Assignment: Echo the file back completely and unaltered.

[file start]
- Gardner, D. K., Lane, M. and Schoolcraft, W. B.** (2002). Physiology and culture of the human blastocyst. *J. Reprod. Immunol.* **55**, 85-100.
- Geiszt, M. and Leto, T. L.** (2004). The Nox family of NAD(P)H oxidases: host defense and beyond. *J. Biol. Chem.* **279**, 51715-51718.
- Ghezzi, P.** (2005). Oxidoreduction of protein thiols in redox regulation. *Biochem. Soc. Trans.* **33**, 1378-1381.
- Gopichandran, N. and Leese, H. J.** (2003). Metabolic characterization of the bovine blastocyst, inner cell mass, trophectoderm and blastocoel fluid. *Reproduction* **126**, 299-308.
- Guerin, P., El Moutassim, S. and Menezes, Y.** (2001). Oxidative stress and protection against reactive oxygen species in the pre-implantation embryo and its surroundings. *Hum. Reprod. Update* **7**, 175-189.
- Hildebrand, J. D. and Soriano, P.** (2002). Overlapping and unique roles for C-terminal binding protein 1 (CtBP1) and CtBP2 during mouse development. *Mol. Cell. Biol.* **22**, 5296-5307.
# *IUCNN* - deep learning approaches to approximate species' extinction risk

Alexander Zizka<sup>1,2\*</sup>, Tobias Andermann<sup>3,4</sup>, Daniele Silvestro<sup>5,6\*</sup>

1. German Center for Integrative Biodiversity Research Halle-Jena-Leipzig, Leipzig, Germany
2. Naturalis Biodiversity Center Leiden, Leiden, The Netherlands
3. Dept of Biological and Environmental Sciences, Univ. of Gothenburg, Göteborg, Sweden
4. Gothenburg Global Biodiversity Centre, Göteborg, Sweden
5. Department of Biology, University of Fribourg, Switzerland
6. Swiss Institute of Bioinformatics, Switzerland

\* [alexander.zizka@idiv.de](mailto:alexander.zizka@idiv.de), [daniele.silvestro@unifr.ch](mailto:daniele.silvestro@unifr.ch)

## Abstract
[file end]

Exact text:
- Gardner, D. K., Lane, M. and Schoolcraft, W. B.** (2002). Physiology and culture of the human blastocyst. *J. Reprod. Immunol.* **55**, 85-100.
- Geiszt, M. and Leto, T. L.** (2004). The Nox family of NAD(P)H oxidases: host defense and beyond. *J. Biol. Chem.* **279**, 51715-51718.
- Ghezzi, P.** (2005). Oxidoreduction of protein thiols in redox regulation. *Biochem. Soc. Trans.* **33**, 1378-1381.
- Gopichandran, N. and Leese, H. J.** (2003). Metabolic characterization of the bovine blastocyst, inner cell mass, trophectoderm and blastocoel fluid. *Reproduction* **126**, 299-308.
- Guerin, P., El Moutassim, S. and Menezes, Y.** (2001). Oxidative stress and protection against reactive oxygen species in the pre-implantation embryo and its surroundings. *Hum. Reprod. Update* **7**, 175-189.
- Hildebrand, J. D. and Soriano, P.** (2002). Overlapping and unique roles for C-terminal binding protein 1 (CtBP1) and CtBP2 during mouse development. *Mol. Cell. Biol.* **22**, 5296-5307.
# *IUCNN* - deep learning approaches to approximate species' extinction risk

Alexander Zizka<sup>1,2\*</sup>, Tobias Andermann<sup>3,4</sup>, Daniele Silvestro<sup>5,6\*</sup>

1. German Center for Integrative Biodiversity Research Halle-Jena-Leipzig, Leipzig, Germany
2. Naturalis Biodiversity Center Leiden, Leiden, The Netherlands
3. Dept of Biological and Environmental Sciences, Univ. of Gothenburg, Göteborg, Sweden
4. Gothenburg Global Biodiversity Centre, Göteborg, Sweden
5. Department of Biology, University of Fribourg, Switzerland
6. Swiss Institute of Bioinformatics, Switzerland

\* [alexander.zizka@idiv.de](mailto:alexander.zizka@idiv.de), [daniele.silvestro@unifr.ch](mailto:daniele.silvestro@unifr.ch)

## Abstract